Ottawa Rotary Home adult respite program runs out of funds

Two young brothers struggling to overcome medical and financial difficulties say they will miss an Ottawa Rotary Home adult respite care program that is temporarily closing in February.

Corey Van Essen relied on program for break from caring for older brother Jessie

Corey and Jessie Van Essen say they had come to rely on Ottawa Rotary Home program. 2:23

Two young brothers struggling to overcome medical and financial difficulties say they will miss an Ottawa Rotary Home adult respite care program that is temporarily closing in February.

For the last year, Corey Van Essen, 20, has been caring for his brother Jessie, 22, who has been blind since the age of 13 and has some cognitive and physical disabilities.

Many listeners, viewers and readers have expressed an interest in aiding both the Van Essen brothers and the Ottawa Rotary Home.  Here are a few ways you can help:

A crowd-funding website has been set up on GoFundMe, in Cory and Jessie's name.

If you wish, you could send a personal note to Corey on Facebook.

Also, a special account has been opened in Corey's name at Scotiabank. Here's the account number: 20206-0339121.

If you prefer to donate to Rotary Home, more information is available on its website

Their mother, Linda, died just more than a year ago. She had a genetic disorder, neurofibromatosis, which made her more prone to tumours. After she developed a tumour on her spine, doctors were unable to remove it and she ended up paralyzed. She died on Dec. 20, 2012, after her lungs collapsed.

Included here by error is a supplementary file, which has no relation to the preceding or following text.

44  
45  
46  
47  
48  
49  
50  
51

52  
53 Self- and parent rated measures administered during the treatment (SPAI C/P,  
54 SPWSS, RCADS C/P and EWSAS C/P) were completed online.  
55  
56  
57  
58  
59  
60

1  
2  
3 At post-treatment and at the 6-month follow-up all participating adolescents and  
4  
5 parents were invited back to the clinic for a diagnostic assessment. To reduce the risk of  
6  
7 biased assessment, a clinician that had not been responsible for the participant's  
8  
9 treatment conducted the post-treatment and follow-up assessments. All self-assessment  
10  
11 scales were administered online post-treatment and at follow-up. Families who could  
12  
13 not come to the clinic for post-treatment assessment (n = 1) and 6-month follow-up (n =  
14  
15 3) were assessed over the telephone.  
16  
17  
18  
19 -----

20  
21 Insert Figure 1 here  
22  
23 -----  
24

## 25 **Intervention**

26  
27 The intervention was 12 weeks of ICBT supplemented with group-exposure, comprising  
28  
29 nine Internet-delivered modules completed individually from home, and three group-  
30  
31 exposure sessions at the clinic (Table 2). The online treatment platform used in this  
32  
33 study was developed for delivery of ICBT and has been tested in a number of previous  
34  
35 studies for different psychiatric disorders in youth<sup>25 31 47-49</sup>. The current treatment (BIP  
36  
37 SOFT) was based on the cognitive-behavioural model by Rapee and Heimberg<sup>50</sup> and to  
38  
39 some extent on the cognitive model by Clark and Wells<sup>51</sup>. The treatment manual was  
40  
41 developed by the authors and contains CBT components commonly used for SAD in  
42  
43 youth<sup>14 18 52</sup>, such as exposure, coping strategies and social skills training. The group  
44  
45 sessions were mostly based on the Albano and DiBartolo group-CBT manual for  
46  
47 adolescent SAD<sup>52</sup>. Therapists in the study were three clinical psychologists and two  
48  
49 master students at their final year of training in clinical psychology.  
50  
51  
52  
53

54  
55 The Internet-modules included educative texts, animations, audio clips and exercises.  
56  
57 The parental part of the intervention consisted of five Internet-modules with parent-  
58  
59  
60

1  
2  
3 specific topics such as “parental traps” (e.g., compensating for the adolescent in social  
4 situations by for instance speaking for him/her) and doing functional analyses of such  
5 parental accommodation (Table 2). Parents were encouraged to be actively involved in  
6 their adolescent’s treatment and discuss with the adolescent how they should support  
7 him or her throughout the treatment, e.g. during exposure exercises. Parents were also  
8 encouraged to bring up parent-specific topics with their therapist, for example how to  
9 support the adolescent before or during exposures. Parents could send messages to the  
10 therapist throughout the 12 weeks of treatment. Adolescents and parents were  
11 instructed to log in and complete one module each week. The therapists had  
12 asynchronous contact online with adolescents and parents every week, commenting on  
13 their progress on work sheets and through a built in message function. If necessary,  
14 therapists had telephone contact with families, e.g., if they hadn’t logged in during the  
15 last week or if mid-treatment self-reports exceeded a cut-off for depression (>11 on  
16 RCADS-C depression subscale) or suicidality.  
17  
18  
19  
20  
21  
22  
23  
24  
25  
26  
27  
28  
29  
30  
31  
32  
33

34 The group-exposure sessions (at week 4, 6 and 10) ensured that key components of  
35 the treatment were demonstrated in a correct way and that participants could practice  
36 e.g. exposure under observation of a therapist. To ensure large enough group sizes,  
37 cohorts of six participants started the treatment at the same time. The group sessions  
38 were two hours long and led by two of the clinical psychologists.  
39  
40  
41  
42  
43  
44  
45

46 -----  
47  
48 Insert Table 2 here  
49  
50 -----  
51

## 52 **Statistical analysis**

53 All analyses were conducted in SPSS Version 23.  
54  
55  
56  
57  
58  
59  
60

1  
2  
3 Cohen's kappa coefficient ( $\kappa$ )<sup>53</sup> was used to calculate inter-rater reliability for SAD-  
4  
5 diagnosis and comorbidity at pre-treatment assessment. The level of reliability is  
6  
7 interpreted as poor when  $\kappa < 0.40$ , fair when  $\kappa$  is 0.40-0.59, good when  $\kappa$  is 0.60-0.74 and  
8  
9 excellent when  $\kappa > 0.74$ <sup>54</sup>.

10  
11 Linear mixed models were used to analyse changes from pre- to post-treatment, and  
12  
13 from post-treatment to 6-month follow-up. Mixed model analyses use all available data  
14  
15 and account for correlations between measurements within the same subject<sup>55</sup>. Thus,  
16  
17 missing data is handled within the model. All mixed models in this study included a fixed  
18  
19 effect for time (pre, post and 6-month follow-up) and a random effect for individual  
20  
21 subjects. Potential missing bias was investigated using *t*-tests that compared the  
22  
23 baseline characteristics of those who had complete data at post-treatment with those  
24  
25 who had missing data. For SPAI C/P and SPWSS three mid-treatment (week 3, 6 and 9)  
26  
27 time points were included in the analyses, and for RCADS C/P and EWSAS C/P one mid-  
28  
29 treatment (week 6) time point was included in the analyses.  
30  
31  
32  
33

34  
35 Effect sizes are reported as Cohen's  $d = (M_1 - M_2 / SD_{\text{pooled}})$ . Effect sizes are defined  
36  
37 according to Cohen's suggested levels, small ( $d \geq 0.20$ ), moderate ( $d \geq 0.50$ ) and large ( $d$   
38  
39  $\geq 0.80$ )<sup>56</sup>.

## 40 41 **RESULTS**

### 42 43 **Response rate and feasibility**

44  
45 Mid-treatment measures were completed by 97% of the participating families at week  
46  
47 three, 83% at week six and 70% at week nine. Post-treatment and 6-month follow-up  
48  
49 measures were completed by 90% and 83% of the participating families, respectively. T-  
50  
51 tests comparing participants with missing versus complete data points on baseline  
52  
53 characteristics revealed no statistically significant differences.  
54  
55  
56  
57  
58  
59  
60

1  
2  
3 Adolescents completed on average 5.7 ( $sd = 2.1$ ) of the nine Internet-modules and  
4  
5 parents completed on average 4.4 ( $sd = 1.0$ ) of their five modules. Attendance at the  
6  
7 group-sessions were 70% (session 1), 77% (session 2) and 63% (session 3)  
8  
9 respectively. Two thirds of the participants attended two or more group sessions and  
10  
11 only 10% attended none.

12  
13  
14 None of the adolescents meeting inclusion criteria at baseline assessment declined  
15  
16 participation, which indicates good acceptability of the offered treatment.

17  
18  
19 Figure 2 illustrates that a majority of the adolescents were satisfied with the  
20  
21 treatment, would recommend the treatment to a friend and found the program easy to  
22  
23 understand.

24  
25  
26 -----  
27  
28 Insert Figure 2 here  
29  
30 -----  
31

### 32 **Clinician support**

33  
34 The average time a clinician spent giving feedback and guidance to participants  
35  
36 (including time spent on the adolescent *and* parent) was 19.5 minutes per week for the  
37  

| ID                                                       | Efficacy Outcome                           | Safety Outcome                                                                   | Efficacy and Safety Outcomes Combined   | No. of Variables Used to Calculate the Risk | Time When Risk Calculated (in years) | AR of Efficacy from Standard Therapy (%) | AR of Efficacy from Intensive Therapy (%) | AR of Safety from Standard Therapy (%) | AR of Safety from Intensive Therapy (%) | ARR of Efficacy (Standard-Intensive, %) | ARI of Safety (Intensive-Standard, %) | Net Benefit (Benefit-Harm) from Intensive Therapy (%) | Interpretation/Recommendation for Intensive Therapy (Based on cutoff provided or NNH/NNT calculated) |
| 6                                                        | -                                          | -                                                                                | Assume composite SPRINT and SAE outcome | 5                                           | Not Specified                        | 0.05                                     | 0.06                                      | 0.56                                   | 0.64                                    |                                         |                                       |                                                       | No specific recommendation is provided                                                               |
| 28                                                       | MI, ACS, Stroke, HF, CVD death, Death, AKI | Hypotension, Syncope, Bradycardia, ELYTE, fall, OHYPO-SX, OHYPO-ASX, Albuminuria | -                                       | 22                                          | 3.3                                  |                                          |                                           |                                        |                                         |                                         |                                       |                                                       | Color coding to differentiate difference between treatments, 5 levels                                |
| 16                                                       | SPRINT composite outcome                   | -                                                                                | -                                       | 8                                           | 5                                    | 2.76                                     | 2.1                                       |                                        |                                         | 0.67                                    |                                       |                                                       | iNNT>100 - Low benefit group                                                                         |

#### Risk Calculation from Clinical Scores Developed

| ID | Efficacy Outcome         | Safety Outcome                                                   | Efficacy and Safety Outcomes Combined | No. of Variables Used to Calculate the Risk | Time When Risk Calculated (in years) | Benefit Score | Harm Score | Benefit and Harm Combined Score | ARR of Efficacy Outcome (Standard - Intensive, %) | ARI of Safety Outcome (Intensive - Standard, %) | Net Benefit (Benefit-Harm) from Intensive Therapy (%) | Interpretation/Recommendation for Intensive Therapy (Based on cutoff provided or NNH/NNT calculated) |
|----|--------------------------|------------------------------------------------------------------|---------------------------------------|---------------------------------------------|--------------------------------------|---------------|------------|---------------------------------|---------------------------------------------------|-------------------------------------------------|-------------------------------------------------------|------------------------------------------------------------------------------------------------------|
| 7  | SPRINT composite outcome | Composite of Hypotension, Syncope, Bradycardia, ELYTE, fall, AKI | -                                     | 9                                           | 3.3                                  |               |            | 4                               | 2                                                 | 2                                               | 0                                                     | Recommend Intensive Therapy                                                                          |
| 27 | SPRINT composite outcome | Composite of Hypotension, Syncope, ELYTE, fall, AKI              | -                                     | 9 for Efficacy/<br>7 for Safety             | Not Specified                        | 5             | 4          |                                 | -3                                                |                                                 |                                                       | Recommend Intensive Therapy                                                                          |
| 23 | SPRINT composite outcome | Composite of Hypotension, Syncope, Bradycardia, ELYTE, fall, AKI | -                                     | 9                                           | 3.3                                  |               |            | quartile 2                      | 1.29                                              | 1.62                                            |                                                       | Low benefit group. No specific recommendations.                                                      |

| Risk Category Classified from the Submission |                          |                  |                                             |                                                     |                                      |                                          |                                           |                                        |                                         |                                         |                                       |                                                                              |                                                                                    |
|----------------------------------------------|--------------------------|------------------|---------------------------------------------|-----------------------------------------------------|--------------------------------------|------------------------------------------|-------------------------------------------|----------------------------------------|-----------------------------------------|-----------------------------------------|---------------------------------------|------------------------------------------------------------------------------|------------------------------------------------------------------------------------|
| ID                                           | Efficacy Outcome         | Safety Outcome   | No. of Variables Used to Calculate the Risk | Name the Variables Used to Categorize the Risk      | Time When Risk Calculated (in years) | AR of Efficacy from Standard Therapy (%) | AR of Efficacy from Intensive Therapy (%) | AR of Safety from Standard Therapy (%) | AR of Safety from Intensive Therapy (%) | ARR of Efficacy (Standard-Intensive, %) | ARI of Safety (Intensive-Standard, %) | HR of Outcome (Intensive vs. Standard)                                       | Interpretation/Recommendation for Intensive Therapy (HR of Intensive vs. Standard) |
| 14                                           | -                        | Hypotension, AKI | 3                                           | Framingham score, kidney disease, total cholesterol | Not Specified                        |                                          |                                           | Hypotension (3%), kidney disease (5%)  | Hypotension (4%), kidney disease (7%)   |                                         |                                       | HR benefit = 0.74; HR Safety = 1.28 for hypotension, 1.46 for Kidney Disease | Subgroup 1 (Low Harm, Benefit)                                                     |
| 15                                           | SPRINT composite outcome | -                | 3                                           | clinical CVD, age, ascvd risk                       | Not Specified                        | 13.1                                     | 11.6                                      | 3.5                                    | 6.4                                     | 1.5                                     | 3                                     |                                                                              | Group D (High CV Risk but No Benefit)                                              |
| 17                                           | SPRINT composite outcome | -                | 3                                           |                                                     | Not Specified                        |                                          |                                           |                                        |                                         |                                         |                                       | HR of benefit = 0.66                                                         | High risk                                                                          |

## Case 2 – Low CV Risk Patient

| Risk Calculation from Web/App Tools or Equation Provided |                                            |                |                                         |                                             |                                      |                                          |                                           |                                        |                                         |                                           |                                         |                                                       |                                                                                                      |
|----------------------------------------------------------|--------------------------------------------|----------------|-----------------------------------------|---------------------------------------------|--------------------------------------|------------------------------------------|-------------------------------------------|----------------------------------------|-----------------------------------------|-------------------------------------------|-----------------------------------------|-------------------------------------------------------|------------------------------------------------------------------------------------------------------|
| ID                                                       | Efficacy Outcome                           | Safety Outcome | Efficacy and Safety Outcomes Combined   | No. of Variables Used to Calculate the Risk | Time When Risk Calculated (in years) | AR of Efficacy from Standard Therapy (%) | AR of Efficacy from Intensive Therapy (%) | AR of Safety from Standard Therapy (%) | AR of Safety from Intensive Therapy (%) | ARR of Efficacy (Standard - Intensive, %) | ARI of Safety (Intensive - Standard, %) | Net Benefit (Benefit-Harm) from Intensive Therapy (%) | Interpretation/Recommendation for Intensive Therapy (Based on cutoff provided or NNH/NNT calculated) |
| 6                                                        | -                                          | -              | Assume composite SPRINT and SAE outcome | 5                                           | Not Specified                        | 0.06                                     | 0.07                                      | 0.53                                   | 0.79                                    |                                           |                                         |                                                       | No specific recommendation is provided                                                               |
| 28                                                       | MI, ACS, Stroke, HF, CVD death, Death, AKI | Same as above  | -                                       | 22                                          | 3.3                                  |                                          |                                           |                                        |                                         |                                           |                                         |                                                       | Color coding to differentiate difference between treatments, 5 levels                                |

Jessie, who also has neurofibromatosis, lost his vision when he was 13 after receiving chemotherapy for a brain tumour. He also has cognitive and physical disabilities.

Program relies on province and fundraising

Jessie attends a day program through Ottawa Rotary Home, but had also been staying on the occasional weekend overnight as part of its Adult Respite Program.

Corey, left, has been caring for his older brother Jessie, right, since their mother died just more than a year ago. (CBC)
But funding for the weekend program will run out by the end of February, according to Rotary Home client services director Maria Contreras. She said the adult program is reliant on money from the province and fundraising initiatives, and won't reopen until it gets the funds it needs.

Corey said when his mother was in the hospital, he had to juggle two jobs and care for his brother while visiting her. He said since she's been gone, he's taken over as his brother's primary caregiver.

"I don't like to be alone, just because my head just starts flowing, and I just get overwhelmed," said Corey. "[I] just wanna yell and scream in a pillow, and cry all the time, because it's just been a year since I lost her, and it doesn't feel like a year, [it] feels like yesterday and it's still really hard on me.

"I just want a better life for me and Jessie, just working and working just to pay rent and supply all the things that Jessie needs. It's just a bit tough right now."

With just a high school diploma, Corey works at a car rental agency that allows him some flexibility with his hours, enough that he can take his brother to appointments.

While the respite program gave Corey a break, he said his brother Jessie also enjoyed it and will miss his "camp."

"He's very upset. There's one more week before it closes that he's going. It did help a lot, a week or weekend, even though I had to pay for it," he said.


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